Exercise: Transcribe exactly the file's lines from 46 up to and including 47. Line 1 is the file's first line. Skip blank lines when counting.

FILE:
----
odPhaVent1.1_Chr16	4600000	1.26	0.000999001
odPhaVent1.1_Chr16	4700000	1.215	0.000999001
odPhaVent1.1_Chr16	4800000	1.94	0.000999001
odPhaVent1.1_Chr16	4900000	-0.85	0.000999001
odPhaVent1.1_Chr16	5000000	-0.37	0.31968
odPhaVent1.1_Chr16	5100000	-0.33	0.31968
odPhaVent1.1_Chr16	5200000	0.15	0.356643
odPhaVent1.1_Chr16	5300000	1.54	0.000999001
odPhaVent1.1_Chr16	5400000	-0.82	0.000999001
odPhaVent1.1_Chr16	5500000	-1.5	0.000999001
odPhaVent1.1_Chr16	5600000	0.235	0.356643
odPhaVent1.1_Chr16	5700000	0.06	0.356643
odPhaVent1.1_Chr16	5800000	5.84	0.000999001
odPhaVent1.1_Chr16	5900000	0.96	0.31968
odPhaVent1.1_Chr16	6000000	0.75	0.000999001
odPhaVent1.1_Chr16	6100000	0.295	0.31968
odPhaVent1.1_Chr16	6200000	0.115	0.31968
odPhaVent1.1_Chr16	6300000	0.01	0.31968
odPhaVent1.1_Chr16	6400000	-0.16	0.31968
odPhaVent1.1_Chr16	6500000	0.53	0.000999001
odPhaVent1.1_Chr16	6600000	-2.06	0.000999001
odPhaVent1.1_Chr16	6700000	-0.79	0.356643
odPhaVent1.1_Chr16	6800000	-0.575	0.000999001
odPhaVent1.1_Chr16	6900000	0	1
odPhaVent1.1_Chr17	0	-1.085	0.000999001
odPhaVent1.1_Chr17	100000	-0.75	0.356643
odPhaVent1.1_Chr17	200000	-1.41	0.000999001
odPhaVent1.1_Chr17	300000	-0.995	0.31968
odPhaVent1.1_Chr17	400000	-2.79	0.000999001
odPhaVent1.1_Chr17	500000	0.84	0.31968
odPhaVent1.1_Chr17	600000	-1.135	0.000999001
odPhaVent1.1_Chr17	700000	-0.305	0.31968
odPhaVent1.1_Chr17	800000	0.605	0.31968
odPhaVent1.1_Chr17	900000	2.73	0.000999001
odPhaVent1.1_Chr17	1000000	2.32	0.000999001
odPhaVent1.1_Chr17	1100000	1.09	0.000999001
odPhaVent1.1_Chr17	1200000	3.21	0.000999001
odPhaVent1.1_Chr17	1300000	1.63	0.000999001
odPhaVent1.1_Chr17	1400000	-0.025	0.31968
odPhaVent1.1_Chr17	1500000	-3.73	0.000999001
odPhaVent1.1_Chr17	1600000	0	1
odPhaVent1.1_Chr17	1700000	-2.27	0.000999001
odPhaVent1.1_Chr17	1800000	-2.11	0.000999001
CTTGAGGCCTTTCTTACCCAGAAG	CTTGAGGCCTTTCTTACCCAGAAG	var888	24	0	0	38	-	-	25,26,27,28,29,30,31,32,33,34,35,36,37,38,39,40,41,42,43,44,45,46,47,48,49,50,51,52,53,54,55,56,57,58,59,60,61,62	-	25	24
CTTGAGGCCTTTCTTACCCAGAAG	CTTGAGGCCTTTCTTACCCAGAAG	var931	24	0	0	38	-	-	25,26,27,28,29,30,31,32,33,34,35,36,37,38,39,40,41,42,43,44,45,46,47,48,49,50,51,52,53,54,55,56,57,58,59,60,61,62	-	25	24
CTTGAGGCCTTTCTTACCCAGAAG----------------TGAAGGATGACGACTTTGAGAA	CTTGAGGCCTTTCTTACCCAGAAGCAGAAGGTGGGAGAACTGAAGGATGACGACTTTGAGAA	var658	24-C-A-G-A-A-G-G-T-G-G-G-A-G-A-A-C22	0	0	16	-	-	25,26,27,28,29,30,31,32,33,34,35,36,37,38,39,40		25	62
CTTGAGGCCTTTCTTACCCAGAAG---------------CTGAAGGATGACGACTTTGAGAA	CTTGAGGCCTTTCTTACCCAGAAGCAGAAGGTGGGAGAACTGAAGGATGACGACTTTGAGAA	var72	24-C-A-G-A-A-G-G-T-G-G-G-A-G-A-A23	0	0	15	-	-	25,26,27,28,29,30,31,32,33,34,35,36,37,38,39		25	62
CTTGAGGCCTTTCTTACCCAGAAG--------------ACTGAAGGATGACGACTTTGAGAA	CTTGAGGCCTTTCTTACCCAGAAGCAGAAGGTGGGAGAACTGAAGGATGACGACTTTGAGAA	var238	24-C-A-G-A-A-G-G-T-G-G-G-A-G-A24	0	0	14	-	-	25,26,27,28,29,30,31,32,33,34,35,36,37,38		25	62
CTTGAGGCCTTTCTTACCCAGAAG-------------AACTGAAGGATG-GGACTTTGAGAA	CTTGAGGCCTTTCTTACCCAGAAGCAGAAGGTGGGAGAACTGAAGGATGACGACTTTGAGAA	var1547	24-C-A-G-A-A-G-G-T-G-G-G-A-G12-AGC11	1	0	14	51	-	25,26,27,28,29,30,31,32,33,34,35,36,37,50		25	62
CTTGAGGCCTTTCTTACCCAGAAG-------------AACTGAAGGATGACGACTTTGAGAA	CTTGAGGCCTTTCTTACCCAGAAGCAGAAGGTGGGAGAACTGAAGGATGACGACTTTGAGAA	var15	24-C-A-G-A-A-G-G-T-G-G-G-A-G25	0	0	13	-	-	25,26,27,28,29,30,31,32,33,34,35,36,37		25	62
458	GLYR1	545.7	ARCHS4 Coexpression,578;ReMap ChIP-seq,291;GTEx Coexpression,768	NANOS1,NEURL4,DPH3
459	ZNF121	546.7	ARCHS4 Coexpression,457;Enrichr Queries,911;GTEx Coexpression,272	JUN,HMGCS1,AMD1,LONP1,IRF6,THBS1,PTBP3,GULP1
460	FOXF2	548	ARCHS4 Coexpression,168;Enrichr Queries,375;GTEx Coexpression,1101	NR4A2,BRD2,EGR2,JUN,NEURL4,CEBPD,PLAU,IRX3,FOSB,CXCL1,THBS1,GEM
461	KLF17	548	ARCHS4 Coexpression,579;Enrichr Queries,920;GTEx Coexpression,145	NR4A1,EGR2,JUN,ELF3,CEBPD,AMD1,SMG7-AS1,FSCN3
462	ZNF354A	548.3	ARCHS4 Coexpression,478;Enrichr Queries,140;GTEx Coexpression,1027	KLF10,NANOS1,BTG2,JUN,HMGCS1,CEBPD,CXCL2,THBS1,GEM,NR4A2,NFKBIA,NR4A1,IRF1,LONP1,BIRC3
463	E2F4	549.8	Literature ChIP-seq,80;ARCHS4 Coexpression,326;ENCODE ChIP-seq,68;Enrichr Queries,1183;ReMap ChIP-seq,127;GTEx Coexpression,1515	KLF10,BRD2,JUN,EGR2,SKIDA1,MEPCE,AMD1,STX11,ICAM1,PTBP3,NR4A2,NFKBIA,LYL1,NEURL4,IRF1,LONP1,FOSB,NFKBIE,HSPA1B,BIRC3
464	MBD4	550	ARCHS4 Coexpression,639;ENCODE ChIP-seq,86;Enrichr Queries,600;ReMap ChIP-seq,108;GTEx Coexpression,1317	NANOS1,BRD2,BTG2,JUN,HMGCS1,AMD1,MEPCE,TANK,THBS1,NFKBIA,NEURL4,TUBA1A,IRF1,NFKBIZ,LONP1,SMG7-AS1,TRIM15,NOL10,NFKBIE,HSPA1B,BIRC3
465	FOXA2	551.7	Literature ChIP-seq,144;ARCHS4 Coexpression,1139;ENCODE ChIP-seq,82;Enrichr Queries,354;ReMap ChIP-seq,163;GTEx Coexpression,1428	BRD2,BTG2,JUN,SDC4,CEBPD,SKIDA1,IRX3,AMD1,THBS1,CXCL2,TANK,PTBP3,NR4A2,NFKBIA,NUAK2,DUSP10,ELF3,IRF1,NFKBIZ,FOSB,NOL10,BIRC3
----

CTTGAGGCCTTTCTTACCCAGAAG----------------TGAAGGATGACGACTTTGAGAA	CTTGAGGCCTTTCTTACCCAGAAGCAGAAGGTGGGAGAACTGAAGGATGACGACTTTGAGAA	var658	24-C-A-G-A-A-G-G-T-G-G-G-A-G-A-A-C22	0	0	16	-	-	25,26,27,28,29,30,31,32,33,34,35,36,37,38,39,40		25	62
CTTGAGGCCTTTCTTACCCAGAAG---------------CTGAAGGATGACGACTTTGAGAA	CTTGAGGCCTTTCTTACCCAGAAGCAGAAGGTGGGAGAACTGAAGGATGACGACTTTGAGAA	var72	24-C-A-G-A-A-G-G-T-G-G-G-A-G-A-A23	0	0	15	-	-	25,26,27,28,29,30,31,32,33,34,35,36,37,38,39		25	62